Rejected Ingress Portal

Still, it is a little hard to swallow when I submitted a Memorial Garden that is,

a) bigger than a bench,

b) has a bigger, more impressive sign than the bench, and

c) is in an area with just a few portals existing.

If you ever submit a portal that you know SHOULD be accepted, there is an appeal process. Don’t be a jerk though. The portal review and appeal process is already choked enough without belligerent chuckleheads insisting that their portals must be approved. I’m not appealing this portal rejection. After all, I know that it is in no way culturally significant, and while I want my Bronze Seer Badge to make the last lock on my stats go away, I know that it’s a judgement call. Now, if a large, beloved local statue was rejected, that would be different.

In the end, if you want your Seer Badge, of any color, start submitting portals now. You’ll need to think of them the same way you think of Guardian Portals. Just having the one and hoping it makes it is not an intelligent strategy. Submit everything you find, everywhere you go. Eventually, even though it make take months, or even a year or more, you’ll get your badges, and have plenty of new portals to play with as well.

Almost to Level 11

I realized several months ago when the new higher Ingress levels came out that I was going to have a lot more AP than the minimum for getting to Level 10 and then eventually Level 11. Of course, back when I started playing Ingress, Level 8 was the highest level and the badges weren’t really for anything other than vanity. As a result, I never focused on doing the things that counted toward badges.

Just the things I did playing the game counted toward getting, of course. I blew up enemy portals when they were in my way, too big, too close, or just on the way when I had some free time available to play. I also deployed resonators in order to build my own portals, linked portals to turn the skies blue, and so on. But, in the end, badges came without any effort or knowledge on my part. I remember getting the Gold Guardian badge one day and then looking it up to figure out why I got it. (I capture and keep a lot of portals around my home and work. One of them lasted 20 days. I didn’t even try.)

The one thing I had going for me was that I didn’t like the idea of my portals dying for no reason. That is, I didn’t let portals decay. I started by recharging anything that was sentimental or otherwise important to me. Then, I’d charge whatever I needed to keep up my fields or links. I’d charge portals that I knew were particularly irksome to other players, and finally, I’d charge anything that was about to die. I’d leave my scanner on when I drove places. At red lights, I’d recharge with the XM I collected on the trip. I didn’t save everything, of course, but I did save a lot. As a result, the first ever Platinum Badge I got was the Recharger Badge. Now, I have the Onyx Recharger Badge. Currently, I’m sitting on 28,246,948 XM recharged.

onyx recharger badge

The point is that I got that badge just because that was how I played. Other badges came too. I basically got the 6 Silver Badges before the higher levels came out. As I mentioned, the Recharger and Gaurdian badges were already Gold before I had to bother “working” at it. Ironically, my first effort to actually, deliberately go get Gold Badges didn’t work out before my next badge just kind of came to me. My Mind Controller Badge went gold, and while I certainly was aware of it happening, I didn’t necessarily force it the way I have my quest for unique captures and unique hacks.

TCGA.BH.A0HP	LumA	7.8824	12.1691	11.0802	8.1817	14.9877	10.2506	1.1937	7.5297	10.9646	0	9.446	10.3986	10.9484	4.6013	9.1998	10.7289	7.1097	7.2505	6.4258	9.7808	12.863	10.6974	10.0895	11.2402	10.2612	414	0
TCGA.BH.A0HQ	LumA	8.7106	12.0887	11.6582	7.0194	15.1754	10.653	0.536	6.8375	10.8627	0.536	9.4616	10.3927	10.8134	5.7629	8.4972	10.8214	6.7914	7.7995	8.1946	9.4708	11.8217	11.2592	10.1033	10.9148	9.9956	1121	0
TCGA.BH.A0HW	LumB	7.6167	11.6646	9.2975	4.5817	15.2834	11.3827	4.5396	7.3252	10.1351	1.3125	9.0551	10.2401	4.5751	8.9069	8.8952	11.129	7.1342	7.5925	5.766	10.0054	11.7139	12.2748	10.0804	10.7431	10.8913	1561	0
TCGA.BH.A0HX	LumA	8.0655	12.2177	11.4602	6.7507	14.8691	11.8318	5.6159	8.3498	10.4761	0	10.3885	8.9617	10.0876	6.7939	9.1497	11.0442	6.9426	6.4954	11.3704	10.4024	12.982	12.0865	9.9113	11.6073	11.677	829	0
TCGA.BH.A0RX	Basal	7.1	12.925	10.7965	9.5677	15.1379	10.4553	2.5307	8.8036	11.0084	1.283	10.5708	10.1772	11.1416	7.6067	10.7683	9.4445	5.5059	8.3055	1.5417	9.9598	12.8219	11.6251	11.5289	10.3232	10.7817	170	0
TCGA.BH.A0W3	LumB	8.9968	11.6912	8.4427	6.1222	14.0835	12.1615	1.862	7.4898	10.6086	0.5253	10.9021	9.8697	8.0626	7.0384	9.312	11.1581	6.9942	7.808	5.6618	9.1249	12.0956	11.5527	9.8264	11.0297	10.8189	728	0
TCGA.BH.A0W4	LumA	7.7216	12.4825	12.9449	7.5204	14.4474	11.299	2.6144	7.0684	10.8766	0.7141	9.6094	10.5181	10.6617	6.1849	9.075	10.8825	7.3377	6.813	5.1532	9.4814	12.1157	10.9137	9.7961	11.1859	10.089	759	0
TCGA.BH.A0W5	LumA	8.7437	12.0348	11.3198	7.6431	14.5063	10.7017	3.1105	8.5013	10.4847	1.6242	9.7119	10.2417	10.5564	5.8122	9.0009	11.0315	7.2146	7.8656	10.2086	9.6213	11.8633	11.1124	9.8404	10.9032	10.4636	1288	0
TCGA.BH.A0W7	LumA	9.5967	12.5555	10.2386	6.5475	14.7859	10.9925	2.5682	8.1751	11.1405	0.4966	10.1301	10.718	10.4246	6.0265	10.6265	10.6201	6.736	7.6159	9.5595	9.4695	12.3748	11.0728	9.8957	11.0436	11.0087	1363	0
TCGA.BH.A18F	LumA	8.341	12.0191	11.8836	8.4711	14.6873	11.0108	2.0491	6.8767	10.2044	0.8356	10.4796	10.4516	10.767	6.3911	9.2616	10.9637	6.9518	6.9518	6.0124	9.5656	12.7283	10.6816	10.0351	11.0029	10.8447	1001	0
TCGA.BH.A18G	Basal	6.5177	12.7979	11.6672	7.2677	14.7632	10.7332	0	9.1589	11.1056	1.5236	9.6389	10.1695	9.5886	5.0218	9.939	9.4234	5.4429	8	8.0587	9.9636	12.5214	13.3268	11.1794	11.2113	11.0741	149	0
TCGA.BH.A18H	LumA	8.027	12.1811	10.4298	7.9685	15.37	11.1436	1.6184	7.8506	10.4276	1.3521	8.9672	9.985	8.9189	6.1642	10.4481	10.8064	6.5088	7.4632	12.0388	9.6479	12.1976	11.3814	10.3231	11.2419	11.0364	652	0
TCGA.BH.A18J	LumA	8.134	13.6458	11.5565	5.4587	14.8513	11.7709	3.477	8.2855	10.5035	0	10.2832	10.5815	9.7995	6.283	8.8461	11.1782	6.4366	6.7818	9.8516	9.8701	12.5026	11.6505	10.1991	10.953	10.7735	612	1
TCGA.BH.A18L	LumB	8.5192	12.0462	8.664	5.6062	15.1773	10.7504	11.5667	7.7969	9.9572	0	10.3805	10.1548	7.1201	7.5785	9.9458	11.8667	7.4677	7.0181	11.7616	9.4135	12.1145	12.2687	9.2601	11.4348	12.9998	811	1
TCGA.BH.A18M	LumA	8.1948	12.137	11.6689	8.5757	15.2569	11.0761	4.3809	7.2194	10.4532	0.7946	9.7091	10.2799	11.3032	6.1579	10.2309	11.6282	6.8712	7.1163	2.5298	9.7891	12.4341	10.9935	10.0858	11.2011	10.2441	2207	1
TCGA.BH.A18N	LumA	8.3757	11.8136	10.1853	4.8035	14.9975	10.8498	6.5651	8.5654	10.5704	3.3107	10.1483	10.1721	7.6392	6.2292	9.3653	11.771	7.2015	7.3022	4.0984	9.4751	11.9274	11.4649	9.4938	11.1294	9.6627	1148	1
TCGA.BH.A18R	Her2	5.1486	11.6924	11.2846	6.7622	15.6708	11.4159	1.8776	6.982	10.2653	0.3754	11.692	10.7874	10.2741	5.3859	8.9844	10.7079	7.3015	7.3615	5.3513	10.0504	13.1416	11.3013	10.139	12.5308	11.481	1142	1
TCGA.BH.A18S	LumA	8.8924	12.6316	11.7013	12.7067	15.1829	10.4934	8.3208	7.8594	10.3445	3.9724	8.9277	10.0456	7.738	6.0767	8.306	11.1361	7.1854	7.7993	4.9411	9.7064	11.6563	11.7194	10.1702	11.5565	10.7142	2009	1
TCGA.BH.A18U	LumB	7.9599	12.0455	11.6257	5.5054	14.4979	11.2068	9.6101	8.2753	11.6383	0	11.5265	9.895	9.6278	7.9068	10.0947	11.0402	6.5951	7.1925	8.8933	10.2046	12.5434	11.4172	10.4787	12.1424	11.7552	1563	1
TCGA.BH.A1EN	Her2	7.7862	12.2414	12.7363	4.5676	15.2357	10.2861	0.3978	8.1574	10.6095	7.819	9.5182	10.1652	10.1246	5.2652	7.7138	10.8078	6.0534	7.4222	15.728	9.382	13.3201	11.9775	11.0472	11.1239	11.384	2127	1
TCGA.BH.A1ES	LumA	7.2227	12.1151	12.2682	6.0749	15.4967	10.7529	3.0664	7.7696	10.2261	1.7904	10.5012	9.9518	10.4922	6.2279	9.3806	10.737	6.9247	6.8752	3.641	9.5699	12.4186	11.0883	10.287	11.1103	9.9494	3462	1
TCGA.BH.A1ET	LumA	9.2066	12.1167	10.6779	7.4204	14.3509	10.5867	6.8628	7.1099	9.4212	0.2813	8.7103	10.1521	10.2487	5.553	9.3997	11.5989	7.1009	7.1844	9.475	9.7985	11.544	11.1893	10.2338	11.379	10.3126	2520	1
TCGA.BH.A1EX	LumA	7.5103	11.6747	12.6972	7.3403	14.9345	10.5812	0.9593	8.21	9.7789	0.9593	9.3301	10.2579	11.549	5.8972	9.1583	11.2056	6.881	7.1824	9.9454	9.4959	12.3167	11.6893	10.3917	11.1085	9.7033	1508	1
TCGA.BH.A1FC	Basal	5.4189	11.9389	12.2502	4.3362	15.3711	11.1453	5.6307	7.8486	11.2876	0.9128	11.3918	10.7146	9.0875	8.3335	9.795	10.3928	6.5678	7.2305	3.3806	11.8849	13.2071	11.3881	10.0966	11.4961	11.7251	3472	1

Unfortunately, as a freelance writer that works from home, summer is not the most productive Ingress time for me. While working from home usually affords one some flexibility in Ingress time, watching kids on summer break while also trying to maintain quantity and quality of work does not. As a result, I’m still just Level 10 as the middle of August approaches. However, Level 11 is close at hand (I’ll have it in a single day if I’m not already there once the kids go back to school.) Even more interesting, it that by playing in the small spurts I’m able to put together, me and my over-sized L10 AP are actually very close to Level 12 as well. I’m less than 50 unique hacks from Gold Explorer, 51 unique captures from Gold Pioneer, and 1,100 links from Gold Connector. So, as fall rolls around, it looks like I’ll be L12 very soon.

Current Status:

  • 10,666,439 AP
  • 10 Silver Badges
  • 3 Gold Badges
  • 1,966 of 2,000 Unique HACKS for Gold Explorer
  • 949 of 1,000 Unique Captures for Gold Pioneer
  • 3,902 of 5,000 links for Gold Connector

Basically, any one of the Golds above gives me Level 11.

Two more golds gives me Level 12 (I already have enough AP for that.)

For Level 13 I need another 3,000,000 million AP and one more gold and one more platinum. I seems like that might be the level where my AP needs match up more closely with my badge needs, unless I get lucky with a Guardian portal hitting 90 days.

Playing Ingress While Traveling

Recently, I took a family vacation that allowed me a little bit of time to play Ingress in another city. Playing Ingress in another city near your own town really isn’t that different than playing on your home turf. Hack what you can, attack what you want, link and field, and then when you are done, decide which keys to keep, and which keys to recycle.